DERNIER MOT - WATER WATER EVERYWHERE
When we first thought about moving to the south of France, one of the attractions was all-year sunshine. "No need for heating," I chortled. "No hats, coats and scarves. Chuck the wellies out, we're off to lotus-land where the sun shines brightly."
I wasn't even going to bring my carpets. "It'll be far too hot," I told everyone. "We'll be walking barefoot on cool stone floors. No more hoovering..."
They didn't believe me. The Senior Partner crammed the carpets, the hoover and all the wellies into the van - and scored ten gold stars because it was pouring when we arrived in Moisson.
Torrents of water were cascading off the roof of our new house; there was a mountain stream gushing past the front door, the wooden shutters were so swollen we couldn't open them. There wasn't a cat or a dog in sight - the rain was literally "falling in ropes", and shafts of lightening were hurling themselves like spears into the sides of the patient mountains.
Soaked to the skin, we stumbled into the house to find that it was raining indoors too. The roof was impersonating a sieve and a friendly brook was babbling under the French windows into the dining room, splashing merrily through the sitting room and out onto the terrace where it formed a cute waterfall into the gardens below.
"All year sunshine," muttered the Senior Partner. "Lotus-eating. Sun-tan lotion. Let's all move to the south of France..."
But that was just a summer storm which didn't last long and luckily it didn't rain again until late autumn, by which time we'd managed to waterproof most of the house. And even that winter, it didn't rain much.
But it was absolutely freezing and we did need the carpets. All of them. And the rugs. And the snuggly wraps on the sofa. Certainly the Black Panthers (Sooty and Bad Boy Tombo) say they never would have survived -19°C without serious nesting.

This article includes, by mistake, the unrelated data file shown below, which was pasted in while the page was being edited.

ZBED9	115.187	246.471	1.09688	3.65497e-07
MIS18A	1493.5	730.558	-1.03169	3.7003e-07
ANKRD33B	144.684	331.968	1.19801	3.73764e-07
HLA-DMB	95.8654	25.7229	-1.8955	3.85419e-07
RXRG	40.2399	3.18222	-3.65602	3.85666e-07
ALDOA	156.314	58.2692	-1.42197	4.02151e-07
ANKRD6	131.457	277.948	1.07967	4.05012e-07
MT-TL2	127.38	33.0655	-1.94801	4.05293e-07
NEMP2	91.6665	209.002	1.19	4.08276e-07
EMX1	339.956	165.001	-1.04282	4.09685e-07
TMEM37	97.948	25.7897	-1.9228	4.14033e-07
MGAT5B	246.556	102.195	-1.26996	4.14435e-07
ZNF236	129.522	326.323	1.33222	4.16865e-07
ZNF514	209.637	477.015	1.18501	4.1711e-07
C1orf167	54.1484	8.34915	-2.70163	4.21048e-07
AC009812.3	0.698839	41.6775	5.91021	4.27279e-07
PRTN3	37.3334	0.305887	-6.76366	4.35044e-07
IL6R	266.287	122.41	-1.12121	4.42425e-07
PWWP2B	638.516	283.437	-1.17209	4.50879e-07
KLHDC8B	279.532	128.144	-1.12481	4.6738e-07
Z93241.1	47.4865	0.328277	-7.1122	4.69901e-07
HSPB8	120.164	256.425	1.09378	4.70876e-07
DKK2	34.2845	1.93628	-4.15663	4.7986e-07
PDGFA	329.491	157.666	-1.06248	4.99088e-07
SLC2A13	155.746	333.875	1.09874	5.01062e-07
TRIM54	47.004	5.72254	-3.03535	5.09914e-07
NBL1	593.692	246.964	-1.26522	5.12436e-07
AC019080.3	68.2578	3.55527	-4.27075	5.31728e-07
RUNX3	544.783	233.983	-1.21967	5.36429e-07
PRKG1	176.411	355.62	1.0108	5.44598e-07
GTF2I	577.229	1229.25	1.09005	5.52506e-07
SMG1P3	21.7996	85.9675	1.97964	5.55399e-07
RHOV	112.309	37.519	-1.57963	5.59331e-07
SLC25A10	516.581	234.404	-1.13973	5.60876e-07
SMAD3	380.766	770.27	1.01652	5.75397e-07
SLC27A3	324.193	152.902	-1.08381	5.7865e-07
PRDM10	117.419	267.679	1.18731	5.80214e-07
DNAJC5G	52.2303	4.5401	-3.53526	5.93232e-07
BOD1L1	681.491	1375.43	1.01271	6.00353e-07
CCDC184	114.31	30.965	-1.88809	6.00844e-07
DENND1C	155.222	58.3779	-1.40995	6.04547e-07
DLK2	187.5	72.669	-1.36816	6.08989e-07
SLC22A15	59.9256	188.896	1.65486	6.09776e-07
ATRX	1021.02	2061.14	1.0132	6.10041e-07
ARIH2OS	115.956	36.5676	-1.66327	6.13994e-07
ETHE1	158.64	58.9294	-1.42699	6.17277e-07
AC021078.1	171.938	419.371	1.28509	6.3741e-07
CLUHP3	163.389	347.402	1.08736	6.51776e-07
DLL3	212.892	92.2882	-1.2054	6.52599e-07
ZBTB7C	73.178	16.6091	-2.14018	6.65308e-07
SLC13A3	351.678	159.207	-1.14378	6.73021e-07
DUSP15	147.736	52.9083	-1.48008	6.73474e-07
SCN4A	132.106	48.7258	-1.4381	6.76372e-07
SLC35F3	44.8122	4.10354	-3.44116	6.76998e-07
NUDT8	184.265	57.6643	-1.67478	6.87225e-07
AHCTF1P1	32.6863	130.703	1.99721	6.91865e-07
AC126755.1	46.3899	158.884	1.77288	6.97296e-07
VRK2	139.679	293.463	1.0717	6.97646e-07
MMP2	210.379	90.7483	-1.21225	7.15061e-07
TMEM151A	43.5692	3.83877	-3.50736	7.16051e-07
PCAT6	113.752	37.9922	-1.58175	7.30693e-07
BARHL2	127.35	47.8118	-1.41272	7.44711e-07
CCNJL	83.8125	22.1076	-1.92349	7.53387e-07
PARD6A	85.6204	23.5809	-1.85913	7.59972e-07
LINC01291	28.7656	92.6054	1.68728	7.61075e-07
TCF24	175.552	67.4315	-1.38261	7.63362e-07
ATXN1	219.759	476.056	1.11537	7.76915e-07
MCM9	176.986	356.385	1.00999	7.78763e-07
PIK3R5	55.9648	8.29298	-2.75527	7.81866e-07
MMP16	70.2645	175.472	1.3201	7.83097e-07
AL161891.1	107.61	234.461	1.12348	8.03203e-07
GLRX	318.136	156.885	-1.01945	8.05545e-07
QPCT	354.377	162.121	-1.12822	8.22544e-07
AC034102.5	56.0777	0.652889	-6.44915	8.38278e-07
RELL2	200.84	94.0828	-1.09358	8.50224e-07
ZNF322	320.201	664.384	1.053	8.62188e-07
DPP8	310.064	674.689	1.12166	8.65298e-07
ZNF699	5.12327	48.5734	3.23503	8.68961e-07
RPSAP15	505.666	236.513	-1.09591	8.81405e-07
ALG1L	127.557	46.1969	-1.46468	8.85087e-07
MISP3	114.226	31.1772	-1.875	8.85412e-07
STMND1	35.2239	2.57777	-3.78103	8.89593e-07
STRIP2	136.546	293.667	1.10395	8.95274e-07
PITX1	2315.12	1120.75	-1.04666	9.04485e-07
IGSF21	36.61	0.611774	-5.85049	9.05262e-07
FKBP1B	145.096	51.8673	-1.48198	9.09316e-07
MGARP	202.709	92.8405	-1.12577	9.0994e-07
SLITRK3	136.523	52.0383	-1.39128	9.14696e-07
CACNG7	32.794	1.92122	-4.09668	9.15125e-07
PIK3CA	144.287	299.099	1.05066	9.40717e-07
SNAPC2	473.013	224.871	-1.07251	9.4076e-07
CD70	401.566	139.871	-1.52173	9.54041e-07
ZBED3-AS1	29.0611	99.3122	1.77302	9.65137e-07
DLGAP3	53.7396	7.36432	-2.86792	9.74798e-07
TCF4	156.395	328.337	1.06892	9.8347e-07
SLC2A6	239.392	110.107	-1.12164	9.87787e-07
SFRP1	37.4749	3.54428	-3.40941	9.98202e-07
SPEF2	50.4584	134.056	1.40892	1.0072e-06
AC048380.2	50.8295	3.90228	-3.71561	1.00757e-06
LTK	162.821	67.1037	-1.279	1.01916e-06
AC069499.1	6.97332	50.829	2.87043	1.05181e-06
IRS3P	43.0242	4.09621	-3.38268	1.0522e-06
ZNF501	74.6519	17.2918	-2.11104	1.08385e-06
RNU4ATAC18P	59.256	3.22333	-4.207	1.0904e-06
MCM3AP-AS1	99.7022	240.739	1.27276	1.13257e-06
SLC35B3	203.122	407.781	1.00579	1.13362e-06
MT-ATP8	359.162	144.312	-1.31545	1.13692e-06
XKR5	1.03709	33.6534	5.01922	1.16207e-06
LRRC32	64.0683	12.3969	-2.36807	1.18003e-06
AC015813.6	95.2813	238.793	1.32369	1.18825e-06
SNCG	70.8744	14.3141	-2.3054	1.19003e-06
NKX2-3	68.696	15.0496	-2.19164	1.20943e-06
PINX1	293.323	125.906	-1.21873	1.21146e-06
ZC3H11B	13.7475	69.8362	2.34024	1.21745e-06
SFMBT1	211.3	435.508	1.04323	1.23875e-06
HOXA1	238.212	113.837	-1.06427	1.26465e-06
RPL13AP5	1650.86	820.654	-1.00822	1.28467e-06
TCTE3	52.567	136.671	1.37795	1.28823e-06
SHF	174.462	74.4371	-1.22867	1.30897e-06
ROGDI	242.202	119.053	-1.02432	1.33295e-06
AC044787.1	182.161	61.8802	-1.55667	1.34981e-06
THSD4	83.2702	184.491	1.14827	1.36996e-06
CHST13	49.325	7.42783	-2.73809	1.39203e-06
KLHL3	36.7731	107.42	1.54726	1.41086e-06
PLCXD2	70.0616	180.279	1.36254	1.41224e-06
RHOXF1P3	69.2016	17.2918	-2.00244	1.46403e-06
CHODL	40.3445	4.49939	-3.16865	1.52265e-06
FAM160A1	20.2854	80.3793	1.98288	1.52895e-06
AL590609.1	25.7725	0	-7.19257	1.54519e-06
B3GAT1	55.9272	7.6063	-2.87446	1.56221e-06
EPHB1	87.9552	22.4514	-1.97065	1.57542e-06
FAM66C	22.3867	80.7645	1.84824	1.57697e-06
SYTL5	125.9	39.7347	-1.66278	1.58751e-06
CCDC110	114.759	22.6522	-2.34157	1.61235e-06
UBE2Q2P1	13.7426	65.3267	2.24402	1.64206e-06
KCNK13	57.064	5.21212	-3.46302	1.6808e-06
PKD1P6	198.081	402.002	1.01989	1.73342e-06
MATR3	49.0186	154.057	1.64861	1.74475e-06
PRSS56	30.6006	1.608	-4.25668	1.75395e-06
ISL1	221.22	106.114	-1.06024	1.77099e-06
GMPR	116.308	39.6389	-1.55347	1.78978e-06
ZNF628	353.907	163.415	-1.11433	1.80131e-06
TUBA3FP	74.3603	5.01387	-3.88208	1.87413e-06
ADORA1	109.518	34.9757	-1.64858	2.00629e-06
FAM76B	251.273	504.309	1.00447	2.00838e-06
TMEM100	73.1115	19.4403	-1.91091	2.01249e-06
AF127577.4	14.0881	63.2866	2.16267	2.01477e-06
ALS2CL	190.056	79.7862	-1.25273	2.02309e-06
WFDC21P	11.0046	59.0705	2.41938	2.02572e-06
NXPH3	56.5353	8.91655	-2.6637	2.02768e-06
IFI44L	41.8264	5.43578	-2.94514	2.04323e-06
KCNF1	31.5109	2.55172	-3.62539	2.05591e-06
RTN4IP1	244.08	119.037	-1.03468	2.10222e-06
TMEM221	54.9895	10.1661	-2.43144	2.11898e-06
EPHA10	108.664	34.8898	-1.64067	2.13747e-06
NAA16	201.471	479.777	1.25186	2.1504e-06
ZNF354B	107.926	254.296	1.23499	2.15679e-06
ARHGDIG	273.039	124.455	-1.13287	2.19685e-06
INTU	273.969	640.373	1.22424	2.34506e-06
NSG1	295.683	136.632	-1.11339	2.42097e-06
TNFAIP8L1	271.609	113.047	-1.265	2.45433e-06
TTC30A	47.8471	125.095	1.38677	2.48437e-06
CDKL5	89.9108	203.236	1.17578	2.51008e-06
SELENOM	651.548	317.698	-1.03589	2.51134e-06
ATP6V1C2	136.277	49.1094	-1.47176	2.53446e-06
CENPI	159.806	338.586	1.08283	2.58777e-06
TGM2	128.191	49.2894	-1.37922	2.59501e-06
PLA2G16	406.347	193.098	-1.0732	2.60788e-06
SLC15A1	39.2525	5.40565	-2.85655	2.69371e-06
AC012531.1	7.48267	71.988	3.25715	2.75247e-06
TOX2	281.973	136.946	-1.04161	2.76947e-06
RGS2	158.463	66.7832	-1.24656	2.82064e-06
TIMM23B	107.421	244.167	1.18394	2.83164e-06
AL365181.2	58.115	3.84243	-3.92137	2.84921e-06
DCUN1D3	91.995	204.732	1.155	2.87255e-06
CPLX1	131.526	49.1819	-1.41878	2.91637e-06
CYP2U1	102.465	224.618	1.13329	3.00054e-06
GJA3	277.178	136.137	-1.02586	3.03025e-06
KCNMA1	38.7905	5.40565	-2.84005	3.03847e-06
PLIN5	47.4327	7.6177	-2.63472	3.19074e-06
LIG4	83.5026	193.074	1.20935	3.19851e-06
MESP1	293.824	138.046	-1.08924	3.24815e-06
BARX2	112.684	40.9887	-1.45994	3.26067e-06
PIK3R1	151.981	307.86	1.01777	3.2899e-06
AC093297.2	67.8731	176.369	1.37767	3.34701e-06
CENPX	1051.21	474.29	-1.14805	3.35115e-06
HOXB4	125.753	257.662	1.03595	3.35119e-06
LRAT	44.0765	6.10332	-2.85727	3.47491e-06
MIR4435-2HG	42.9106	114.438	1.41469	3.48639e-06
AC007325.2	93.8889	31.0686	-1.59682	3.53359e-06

Still, by the following summer we hadn't had a repeat of our welcome-home thunderstorm and I was optimistic that it had been a freak occurrence; a one-off blip.
"There you are," I crowed, "hardly any rain at all!"
The Senior Partner sighed. "Which is why they've turned the village fountain off," he said. "Haven't you seen the notice board? No watering flowers, no washing cars, no filling pools..."
"Sounds good to me," I said. "Less work, more play..."
"It's a drought," he said. "It's 46 degrees out there. Drink some water. Stay in the shade."
Flowers wilted, dust swirled, trees died, bacteria flourished in the reservoir, flies multiplied, and barbecues were banned as the fire-risk went through the roof. Day after day dawned bright and sunny and I finally had to admit that rain would be good.
And finally it came. Lots of it. In three days the reservoirs were rinsed clean, the river rejuvenated, the whole village cleaned up and like magic, the mountain slopes were transformed into flower-strewn meadows.
Which is why I refuse to despair, although it's been raining here for 19 days. The sky is leaden, there's a cloud stuck on the peaks surrounding the village, the river is so swollen we can hear it roaring from indoors, the garden has become a sodden quagmire, the boulodrome is flooded, the reservoirs are overflowing, and the sun is but a distant memory.
The gang is gloomy, but the monsoon doesn't bother me. Spring is on the horizon. We may not have all-year sunshine, but we definitely have all-year weather.
The watering-ban will soon be back.
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